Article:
Monday, October 19, 2015: 4:30 PM
Grand Ballroom B (Hyatt Regency St. Louis at the Arch)

Reza Yaesoubi, PhD, MSc, Forrest Crawford, PhD and A. David Paltiel, PhD, Yale School of Public Health, New Haven, CT

Purpose: Although it plays a central role in cost-effectiveness analysis (CEA), society's willingness to invest for an additional unit of health is rarely known to policy makers. Our goal is to develop a statistical method to help decision-makers determine whether a new healthcare alternative is considered cost-effective in the absence of exact value for the willingness-to-pay for health (WTP).

Method: Our method utilizes a probability density function P to represent the policy maker's uncertain belief about the true value of WTP. The proposed method calculates a probability p that corresponds to the p-value of the hypothesis that the net monetary benefit (NMB) of a new alternative is less than or equal to that of an existing alternative when the true WTP value is randomly drawn from P. If p is less than a desired significance level, we reject this hypothesis, and consider the new alternative cost-effective under the WTP belief P. Our method also calculates the expected NMB gain under P if the new alternative is chosen. This information allows statistical comparison of the cost-effectiveness of multiple interventions. To demonstrate the application of our method, we consider two hypothetical alternatives, both of which present the same incremental cost-effectiveness ratio of $20,000 per unit of health but result in substantially different health and financial outcomes (Figure A-B). These alternatives also yield the same cost-effectiveness acceptability curves (CEAC) (Figure C-D), a popular tool used in CEA when the true value of WTP is unknown.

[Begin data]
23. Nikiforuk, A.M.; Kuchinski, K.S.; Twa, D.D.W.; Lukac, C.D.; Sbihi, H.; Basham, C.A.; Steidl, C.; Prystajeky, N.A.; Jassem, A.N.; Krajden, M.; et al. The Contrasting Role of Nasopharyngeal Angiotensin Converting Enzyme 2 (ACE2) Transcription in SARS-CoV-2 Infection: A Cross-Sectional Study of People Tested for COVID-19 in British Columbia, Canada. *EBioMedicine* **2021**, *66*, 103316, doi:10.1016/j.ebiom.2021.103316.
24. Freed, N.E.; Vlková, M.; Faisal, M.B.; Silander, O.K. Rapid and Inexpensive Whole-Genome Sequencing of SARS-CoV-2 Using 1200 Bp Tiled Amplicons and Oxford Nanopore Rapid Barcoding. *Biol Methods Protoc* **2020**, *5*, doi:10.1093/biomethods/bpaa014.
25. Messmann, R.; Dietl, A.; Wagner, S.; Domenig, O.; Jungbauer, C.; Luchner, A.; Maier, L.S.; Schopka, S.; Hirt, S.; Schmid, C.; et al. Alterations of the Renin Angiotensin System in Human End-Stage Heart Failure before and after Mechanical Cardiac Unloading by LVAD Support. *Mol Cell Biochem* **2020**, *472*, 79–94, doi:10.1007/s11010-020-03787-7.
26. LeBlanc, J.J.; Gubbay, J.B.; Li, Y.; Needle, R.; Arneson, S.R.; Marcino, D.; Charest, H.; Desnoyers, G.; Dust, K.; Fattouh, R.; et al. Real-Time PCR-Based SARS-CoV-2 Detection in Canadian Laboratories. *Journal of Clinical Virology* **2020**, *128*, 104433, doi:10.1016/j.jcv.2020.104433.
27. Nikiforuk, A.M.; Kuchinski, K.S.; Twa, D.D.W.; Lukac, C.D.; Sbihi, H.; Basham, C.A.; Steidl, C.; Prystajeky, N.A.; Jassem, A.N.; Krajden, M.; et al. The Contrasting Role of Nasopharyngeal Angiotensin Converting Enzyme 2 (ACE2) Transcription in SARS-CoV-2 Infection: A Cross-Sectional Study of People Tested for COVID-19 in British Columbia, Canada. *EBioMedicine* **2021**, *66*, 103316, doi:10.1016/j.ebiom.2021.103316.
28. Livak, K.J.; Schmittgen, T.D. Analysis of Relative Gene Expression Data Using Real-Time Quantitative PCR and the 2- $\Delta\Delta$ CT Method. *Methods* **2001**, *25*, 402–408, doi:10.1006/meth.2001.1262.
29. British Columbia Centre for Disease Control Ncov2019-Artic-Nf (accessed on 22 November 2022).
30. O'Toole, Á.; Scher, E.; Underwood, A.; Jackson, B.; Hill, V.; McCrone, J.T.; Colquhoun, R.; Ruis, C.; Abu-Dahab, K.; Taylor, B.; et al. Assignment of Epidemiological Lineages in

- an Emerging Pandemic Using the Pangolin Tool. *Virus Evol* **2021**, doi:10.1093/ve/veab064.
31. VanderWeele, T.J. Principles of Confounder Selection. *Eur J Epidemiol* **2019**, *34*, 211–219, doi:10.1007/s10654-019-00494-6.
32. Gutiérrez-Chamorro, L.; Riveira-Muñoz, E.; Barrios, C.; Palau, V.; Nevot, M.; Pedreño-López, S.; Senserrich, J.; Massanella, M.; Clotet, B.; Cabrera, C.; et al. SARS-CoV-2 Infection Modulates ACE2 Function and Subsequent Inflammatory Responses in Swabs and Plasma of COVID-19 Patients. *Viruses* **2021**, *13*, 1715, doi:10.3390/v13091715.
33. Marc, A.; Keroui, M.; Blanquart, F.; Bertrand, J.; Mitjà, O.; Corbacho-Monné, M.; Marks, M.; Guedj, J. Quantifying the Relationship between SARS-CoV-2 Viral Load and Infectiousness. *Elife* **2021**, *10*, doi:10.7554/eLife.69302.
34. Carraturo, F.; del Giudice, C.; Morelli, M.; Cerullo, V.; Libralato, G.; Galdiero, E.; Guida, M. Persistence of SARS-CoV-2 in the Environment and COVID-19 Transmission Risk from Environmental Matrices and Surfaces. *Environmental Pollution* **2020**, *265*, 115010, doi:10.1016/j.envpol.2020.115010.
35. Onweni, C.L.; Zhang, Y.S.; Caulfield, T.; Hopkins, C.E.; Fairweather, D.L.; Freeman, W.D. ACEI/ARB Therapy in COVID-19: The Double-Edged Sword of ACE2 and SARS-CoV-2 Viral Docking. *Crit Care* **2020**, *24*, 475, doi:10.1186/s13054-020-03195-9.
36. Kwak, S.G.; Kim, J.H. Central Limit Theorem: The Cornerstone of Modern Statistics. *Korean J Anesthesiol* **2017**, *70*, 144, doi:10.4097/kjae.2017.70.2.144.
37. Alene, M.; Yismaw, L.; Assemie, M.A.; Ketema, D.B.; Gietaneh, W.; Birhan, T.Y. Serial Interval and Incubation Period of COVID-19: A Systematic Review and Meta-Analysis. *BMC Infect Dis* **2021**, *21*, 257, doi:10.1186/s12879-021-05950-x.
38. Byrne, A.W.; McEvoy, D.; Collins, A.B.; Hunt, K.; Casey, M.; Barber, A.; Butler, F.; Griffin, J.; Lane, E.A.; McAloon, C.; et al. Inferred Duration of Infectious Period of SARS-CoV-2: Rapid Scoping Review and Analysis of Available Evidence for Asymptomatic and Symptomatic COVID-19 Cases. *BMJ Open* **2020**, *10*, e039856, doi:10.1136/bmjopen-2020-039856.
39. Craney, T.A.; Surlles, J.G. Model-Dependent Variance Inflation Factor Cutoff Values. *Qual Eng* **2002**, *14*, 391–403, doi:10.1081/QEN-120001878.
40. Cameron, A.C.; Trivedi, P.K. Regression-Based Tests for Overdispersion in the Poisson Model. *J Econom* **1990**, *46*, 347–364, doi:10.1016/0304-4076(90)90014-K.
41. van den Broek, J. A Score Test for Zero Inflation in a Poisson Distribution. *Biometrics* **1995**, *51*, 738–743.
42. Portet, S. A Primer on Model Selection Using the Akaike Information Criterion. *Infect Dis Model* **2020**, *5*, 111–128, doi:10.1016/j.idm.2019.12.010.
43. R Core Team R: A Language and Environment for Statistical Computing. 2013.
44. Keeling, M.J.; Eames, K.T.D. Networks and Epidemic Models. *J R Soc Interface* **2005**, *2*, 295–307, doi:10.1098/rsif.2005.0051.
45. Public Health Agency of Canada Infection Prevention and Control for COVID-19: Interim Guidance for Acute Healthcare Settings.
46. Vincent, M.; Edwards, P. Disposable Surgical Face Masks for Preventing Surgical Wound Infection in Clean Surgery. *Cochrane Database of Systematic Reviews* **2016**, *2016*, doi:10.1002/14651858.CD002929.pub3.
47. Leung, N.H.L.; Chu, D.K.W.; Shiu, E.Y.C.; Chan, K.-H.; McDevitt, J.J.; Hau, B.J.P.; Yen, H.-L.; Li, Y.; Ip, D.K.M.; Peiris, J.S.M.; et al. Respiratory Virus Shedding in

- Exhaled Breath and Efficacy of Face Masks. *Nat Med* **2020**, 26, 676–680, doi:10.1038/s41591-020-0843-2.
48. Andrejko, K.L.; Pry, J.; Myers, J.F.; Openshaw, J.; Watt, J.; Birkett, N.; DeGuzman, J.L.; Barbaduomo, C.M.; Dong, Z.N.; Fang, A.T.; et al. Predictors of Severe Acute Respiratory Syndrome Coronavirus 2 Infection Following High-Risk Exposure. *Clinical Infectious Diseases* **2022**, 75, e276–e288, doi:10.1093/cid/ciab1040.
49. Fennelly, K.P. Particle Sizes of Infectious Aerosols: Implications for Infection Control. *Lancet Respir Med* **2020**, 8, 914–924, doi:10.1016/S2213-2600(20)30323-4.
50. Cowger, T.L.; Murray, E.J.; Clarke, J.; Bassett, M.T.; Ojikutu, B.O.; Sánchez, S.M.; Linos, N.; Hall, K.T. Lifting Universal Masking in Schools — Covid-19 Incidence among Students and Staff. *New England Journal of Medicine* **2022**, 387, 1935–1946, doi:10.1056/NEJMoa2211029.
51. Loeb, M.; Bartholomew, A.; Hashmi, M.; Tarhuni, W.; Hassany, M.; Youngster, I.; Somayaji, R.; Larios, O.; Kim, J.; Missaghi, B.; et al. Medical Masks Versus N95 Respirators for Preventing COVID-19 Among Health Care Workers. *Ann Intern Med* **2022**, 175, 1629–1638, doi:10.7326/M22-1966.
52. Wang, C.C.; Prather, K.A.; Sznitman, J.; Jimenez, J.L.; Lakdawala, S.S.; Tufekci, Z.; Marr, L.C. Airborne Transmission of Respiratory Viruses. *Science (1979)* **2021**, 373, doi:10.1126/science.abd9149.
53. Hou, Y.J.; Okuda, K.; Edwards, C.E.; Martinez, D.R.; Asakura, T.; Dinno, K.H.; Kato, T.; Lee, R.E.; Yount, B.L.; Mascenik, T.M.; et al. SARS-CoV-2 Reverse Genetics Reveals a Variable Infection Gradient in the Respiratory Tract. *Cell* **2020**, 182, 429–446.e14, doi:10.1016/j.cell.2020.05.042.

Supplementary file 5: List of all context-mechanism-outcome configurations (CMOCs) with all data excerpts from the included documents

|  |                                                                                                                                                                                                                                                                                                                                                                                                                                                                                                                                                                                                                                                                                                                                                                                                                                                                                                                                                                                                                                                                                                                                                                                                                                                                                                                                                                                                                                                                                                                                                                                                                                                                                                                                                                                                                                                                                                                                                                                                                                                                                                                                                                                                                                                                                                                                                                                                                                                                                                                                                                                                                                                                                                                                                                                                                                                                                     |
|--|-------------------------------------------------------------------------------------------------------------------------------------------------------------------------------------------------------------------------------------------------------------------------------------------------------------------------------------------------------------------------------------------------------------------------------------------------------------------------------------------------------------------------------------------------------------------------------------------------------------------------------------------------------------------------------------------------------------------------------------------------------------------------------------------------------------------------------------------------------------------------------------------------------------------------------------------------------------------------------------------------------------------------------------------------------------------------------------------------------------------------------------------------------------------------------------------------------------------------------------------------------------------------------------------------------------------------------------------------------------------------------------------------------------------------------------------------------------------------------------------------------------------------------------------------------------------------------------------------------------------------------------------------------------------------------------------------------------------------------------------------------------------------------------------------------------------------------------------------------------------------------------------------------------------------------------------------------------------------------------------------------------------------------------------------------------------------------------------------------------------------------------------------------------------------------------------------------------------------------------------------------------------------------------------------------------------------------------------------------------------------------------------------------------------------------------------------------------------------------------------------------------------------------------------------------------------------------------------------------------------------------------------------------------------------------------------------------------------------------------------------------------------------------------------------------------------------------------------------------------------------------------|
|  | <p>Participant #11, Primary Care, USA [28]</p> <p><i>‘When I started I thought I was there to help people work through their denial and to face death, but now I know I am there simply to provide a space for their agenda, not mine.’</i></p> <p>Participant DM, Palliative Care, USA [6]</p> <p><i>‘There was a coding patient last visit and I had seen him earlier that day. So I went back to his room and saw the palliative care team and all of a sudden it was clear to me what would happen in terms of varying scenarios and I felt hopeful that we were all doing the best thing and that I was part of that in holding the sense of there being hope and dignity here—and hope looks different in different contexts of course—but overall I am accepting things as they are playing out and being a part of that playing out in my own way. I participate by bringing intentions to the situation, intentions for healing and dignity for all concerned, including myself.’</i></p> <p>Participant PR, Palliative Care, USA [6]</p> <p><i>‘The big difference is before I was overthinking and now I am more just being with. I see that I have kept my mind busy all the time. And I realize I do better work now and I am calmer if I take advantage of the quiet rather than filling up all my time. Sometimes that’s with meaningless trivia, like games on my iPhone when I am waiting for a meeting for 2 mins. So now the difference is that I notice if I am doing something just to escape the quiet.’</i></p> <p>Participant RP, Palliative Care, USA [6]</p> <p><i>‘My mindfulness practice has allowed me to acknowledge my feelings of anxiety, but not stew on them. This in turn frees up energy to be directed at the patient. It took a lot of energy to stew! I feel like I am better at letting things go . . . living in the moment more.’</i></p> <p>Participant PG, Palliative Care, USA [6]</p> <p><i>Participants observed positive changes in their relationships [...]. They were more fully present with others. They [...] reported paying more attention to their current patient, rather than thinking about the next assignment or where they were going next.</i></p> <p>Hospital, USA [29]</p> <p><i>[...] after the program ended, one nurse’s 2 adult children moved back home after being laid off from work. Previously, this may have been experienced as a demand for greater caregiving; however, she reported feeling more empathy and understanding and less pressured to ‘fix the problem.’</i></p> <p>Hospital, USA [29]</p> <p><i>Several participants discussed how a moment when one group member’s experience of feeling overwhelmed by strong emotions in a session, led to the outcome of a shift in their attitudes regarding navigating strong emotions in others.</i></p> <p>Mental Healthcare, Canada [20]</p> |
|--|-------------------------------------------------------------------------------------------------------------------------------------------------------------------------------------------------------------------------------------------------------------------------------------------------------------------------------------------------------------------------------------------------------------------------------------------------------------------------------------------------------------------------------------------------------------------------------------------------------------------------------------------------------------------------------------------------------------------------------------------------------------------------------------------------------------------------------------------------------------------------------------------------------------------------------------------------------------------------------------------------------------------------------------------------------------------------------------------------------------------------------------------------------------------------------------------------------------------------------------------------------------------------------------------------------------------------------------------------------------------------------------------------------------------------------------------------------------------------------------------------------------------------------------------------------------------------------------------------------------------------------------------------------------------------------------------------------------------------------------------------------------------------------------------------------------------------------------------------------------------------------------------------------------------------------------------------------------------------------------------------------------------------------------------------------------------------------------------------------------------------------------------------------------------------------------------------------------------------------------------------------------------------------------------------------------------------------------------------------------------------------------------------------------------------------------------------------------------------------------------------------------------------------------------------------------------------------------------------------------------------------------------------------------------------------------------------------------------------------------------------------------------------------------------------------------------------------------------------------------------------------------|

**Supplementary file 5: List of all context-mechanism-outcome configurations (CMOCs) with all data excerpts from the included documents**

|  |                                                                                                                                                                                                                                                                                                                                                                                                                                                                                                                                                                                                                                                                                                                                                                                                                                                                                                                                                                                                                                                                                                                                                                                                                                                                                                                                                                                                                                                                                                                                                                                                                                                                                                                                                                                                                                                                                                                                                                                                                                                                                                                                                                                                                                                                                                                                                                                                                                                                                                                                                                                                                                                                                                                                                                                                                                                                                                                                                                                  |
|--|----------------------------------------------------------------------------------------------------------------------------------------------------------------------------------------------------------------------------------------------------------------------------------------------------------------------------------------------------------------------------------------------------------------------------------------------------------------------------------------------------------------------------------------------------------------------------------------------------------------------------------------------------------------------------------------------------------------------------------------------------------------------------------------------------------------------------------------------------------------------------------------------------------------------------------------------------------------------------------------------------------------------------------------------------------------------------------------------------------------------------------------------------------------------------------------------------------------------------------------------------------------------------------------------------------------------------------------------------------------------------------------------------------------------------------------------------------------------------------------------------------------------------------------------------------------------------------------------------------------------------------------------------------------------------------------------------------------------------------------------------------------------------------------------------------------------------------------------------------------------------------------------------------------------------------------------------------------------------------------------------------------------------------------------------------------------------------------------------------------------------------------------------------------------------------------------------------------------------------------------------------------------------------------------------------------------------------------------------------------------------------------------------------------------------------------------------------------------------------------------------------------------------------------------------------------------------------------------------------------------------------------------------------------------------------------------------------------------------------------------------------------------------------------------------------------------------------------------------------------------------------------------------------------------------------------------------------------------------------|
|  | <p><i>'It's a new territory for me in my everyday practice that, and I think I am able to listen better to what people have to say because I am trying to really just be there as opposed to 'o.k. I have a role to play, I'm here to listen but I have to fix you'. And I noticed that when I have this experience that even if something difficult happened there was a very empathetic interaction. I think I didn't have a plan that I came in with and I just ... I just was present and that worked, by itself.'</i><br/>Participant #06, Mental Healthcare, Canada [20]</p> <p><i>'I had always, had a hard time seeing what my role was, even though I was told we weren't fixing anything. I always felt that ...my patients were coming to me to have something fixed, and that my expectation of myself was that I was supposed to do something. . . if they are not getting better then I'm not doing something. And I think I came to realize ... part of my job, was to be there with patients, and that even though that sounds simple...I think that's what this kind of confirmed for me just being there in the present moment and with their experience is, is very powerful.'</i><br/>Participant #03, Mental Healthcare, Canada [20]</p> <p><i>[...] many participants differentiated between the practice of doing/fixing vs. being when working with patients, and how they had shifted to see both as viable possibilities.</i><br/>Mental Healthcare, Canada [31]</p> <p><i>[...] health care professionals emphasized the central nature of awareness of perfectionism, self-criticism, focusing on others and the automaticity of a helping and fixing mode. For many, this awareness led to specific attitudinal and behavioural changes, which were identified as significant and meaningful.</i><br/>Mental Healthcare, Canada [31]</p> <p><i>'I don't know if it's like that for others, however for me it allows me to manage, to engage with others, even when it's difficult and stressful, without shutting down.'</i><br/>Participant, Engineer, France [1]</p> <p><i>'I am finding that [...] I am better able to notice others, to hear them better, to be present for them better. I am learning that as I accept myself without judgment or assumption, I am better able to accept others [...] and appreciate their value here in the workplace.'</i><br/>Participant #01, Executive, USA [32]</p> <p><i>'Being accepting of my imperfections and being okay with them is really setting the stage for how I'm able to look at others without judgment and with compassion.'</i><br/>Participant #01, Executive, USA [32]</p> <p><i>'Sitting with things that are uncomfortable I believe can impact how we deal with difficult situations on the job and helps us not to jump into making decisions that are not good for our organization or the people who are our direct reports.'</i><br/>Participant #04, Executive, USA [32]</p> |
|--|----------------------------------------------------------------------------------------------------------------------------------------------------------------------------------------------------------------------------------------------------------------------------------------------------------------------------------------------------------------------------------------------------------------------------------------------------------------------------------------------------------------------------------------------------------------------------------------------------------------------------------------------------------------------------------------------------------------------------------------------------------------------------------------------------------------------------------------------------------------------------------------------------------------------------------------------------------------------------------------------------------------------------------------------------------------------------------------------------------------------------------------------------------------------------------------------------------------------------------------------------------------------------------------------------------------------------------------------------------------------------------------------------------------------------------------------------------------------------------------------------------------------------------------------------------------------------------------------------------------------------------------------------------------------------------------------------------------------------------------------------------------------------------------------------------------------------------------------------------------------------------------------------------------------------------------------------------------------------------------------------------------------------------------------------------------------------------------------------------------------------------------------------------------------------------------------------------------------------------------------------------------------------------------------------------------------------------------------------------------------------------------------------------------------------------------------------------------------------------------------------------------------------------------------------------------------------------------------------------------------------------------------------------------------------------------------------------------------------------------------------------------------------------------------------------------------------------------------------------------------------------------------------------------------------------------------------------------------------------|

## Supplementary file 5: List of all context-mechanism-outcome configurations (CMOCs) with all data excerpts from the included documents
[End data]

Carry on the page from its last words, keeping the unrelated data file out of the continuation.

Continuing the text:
Result: When the policy maker's belief about the WTP value follows a Gamma distribution with mean $50,000 and StDev $5,000 (Figure E), both Alternatives 1 and 2 are considered cost-effective at significance level 0.05 (p-value < 0.01, Table). While CEACs suggests that Alternatives 1 and 2 perform equally well (Figure C-D), our method determines that Alternative 2 has significantly higher expected NMB gain, and hence, should be preferred to Alternative 1. In this example, when the policy maker's belief about the WTP value is uninformative (Figure F), neither of these alternatives is considered cost-effective (p-value > 0.2).

Conclusion: We developed a method to statistically evaluate and compare the cost-effectiveness of healthcare alternatives under uncertainty about the WTP value. We showed how our approach can overcome the limitations of CEACs commonly used in CEA.